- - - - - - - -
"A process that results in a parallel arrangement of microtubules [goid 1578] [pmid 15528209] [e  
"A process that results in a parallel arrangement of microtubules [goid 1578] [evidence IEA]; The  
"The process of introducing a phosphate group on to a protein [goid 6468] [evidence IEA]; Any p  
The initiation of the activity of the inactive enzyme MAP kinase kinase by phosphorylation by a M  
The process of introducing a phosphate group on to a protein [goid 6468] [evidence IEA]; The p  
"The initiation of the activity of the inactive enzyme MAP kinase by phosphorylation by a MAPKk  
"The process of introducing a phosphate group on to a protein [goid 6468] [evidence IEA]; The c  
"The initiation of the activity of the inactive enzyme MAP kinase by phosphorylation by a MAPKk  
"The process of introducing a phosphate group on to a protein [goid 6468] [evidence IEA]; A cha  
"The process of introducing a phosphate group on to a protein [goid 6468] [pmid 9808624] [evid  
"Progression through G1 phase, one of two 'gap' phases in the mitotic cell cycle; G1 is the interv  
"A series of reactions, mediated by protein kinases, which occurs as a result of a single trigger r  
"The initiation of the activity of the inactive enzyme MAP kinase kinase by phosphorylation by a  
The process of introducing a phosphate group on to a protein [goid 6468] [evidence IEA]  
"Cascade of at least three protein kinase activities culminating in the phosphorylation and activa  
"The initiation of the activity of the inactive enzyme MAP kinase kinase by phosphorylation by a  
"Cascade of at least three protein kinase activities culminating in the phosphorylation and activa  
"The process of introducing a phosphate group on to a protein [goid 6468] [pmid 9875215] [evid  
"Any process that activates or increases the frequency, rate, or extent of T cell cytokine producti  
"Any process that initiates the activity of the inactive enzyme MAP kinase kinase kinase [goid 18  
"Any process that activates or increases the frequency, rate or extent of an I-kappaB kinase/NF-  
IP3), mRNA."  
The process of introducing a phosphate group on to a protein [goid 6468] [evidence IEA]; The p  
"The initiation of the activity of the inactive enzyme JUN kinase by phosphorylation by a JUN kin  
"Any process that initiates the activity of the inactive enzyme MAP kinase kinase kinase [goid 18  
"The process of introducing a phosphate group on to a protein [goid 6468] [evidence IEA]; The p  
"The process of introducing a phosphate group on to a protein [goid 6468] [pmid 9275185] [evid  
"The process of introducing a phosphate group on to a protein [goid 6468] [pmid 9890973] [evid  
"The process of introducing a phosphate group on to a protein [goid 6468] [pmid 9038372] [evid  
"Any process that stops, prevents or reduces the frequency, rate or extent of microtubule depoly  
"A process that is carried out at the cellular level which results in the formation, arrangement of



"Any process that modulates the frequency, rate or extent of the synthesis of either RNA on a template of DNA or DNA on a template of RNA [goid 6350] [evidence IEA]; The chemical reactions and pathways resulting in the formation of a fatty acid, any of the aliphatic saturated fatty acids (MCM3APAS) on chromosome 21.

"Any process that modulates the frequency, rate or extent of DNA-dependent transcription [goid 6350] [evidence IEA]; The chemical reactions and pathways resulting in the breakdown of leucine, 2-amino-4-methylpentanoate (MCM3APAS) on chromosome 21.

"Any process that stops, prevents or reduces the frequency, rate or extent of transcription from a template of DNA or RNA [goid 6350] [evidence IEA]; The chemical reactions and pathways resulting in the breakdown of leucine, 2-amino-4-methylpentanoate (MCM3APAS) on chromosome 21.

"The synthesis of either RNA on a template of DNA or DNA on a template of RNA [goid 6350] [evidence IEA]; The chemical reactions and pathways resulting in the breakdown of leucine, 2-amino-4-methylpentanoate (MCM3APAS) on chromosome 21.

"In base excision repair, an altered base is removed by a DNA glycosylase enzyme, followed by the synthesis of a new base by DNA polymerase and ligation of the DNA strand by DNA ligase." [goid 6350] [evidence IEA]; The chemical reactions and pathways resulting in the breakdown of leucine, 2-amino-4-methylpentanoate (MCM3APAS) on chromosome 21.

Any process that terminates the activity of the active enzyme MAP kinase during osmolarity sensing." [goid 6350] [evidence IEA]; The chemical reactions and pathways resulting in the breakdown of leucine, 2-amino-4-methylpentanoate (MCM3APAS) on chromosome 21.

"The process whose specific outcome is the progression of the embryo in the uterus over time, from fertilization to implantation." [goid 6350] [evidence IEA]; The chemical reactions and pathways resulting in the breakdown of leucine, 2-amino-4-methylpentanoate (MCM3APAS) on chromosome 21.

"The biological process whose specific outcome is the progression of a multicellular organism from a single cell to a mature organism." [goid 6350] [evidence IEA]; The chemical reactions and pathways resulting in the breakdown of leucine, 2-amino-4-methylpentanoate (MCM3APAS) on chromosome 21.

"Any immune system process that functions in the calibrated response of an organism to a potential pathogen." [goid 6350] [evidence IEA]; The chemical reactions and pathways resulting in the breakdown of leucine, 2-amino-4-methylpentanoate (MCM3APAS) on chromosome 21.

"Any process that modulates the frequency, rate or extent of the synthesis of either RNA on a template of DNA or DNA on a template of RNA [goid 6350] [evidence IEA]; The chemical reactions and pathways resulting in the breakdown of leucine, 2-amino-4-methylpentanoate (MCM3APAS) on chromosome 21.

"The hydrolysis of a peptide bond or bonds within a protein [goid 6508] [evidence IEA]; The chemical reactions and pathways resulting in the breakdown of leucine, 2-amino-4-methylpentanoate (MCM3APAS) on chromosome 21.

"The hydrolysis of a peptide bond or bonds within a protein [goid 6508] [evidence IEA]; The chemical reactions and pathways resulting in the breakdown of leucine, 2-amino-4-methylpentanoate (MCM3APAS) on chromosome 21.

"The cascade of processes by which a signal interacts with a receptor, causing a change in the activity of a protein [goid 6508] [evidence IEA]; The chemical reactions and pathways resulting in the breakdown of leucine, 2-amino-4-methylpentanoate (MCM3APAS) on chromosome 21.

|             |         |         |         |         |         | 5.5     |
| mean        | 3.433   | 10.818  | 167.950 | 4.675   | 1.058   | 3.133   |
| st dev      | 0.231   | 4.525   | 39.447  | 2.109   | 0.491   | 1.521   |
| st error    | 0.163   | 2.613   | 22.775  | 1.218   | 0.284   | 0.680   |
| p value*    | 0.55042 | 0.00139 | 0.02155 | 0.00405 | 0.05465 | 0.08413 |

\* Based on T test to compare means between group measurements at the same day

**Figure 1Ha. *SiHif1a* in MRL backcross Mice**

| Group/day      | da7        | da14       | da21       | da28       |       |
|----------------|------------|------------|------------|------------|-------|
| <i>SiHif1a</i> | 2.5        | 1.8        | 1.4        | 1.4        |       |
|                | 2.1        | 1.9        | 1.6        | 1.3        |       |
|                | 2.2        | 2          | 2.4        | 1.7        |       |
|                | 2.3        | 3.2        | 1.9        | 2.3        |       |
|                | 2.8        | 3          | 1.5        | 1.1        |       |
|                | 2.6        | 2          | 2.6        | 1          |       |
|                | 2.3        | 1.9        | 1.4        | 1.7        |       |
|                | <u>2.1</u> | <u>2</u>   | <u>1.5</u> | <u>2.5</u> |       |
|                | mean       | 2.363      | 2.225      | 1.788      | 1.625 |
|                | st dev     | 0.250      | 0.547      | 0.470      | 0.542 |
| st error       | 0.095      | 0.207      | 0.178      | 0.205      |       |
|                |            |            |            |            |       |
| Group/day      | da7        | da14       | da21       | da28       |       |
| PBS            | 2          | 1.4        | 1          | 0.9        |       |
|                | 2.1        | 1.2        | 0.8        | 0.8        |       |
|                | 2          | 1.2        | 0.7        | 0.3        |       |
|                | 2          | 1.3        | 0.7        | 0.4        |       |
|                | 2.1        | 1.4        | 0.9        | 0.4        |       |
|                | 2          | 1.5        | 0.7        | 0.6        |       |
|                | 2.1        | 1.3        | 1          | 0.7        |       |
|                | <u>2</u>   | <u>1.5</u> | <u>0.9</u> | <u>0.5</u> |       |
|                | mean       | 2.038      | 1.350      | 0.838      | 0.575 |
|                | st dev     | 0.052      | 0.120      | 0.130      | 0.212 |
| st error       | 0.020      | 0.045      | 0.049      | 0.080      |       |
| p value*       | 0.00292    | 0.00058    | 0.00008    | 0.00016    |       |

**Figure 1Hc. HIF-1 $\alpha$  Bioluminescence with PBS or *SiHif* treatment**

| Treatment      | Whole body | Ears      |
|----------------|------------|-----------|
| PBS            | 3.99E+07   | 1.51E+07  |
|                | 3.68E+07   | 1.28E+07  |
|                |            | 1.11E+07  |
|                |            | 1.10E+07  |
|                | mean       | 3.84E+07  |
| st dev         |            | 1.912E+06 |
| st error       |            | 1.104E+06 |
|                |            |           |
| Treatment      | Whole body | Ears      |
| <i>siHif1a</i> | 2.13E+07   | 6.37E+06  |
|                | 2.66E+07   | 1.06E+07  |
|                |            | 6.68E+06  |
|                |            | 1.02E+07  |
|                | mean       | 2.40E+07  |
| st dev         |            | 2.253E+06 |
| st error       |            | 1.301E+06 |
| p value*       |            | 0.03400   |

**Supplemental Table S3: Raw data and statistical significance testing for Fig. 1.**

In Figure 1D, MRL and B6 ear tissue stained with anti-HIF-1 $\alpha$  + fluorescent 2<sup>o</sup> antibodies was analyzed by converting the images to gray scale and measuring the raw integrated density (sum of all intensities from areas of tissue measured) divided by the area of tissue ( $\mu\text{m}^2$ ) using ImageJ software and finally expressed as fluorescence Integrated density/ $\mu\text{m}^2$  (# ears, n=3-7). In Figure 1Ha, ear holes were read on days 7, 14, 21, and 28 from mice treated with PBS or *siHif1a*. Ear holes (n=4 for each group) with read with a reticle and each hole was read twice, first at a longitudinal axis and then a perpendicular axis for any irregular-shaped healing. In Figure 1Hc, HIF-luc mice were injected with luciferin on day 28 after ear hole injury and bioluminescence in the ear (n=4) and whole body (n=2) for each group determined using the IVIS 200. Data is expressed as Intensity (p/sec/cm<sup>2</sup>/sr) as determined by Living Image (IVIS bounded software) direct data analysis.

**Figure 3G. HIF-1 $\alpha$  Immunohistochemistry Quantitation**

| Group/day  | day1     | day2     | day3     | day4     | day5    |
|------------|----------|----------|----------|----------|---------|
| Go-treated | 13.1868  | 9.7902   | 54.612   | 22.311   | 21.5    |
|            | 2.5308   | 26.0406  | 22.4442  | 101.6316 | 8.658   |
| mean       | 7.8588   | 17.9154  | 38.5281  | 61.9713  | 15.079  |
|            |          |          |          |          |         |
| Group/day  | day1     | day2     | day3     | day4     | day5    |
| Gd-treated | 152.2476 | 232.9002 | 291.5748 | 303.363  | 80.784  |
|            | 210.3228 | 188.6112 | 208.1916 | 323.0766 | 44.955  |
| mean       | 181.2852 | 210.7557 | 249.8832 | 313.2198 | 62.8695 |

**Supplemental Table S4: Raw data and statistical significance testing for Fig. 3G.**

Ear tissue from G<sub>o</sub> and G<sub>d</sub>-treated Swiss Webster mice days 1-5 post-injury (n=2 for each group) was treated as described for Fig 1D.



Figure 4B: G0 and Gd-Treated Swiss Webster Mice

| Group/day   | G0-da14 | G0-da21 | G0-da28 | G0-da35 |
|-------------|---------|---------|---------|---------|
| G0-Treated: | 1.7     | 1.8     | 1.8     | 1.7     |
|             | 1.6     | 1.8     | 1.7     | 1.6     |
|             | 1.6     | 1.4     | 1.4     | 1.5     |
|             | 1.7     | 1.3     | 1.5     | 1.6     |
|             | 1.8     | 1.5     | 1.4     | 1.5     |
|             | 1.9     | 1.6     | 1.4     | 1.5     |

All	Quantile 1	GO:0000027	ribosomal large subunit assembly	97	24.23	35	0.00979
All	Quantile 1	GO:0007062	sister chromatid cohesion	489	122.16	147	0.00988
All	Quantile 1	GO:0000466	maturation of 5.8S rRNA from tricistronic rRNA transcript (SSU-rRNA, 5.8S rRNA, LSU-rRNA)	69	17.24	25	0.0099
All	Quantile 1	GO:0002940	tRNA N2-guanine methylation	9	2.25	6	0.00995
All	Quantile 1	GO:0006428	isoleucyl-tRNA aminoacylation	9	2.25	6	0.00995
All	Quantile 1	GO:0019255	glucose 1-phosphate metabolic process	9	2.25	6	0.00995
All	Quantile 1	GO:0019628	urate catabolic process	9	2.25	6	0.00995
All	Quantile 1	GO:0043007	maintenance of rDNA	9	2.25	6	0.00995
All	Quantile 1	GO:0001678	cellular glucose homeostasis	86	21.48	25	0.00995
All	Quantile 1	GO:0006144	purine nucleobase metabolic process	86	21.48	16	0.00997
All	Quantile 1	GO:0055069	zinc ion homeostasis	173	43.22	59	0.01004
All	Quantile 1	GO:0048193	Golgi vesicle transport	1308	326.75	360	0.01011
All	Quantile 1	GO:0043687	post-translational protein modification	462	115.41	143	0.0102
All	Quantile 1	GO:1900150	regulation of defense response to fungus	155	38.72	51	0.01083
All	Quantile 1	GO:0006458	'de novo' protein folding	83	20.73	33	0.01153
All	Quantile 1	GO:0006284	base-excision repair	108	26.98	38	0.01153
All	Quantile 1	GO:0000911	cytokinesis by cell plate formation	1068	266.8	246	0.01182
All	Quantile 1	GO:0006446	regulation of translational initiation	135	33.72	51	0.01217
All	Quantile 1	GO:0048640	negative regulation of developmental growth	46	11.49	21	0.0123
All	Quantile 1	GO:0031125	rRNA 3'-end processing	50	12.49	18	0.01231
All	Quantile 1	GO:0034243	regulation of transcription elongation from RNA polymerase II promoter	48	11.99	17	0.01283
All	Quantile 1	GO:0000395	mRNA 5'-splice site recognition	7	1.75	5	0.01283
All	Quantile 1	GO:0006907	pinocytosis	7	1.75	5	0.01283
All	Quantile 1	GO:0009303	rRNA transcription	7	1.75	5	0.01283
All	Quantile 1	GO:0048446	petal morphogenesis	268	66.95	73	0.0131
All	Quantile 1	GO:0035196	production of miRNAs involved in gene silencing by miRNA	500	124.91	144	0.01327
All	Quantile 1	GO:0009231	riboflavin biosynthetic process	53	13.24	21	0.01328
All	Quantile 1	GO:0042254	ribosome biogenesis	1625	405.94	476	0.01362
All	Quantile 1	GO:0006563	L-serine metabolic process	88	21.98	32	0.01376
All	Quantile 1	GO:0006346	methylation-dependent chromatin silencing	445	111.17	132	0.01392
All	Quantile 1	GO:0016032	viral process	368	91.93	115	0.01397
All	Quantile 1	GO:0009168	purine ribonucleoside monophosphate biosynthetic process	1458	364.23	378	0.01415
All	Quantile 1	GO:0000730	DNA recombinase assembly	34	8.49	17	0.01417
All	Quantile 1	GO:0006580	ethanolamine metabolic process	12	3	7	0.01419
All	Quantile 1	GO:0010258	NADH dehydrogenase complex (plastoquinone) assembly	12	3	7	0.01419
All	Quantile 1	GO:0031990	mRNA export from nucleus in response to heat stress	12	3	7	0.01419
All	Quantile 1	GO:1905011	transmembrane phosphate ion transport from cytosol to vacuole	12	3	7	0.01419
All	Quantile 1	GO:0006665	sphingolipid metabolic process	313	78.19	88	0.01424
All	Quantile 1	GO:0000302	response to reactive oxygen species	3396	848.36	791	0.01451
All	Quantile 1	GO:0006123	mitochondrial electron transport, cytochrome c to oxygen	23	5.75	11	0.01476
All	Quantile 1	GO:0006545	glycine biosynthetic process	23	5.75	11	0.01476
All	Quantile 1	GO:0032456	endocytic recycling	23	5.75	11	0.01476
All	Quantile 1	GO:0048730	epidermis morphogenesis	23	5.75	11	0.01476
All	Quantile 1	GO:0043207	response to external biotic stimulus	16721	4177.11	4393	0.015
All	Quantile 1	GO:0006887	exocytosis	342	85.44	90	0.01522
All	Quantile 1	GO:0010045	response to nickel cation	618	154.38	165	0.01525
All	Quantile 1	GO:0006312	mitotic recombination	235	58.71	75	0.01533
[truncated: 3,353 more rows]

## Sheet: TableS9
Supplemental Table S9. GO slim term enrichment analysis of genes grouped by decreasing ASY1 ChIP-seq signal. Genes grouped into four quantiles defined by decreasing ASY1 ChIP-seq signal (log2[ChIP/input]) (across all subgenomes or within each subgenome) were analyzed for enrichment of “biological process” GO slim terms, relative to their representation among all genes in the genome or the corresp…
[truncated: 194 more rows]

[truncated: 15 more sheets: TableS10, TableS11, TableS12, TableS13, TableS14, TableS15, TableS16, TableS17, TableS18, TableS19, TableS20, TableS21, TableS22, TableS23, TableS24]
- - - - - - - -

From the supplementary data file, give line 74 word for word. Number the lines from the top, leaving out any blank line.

|                | <u>2</u>   | <u>1.5</u> | <u>0.9</u> | <u>0.5</u> |       |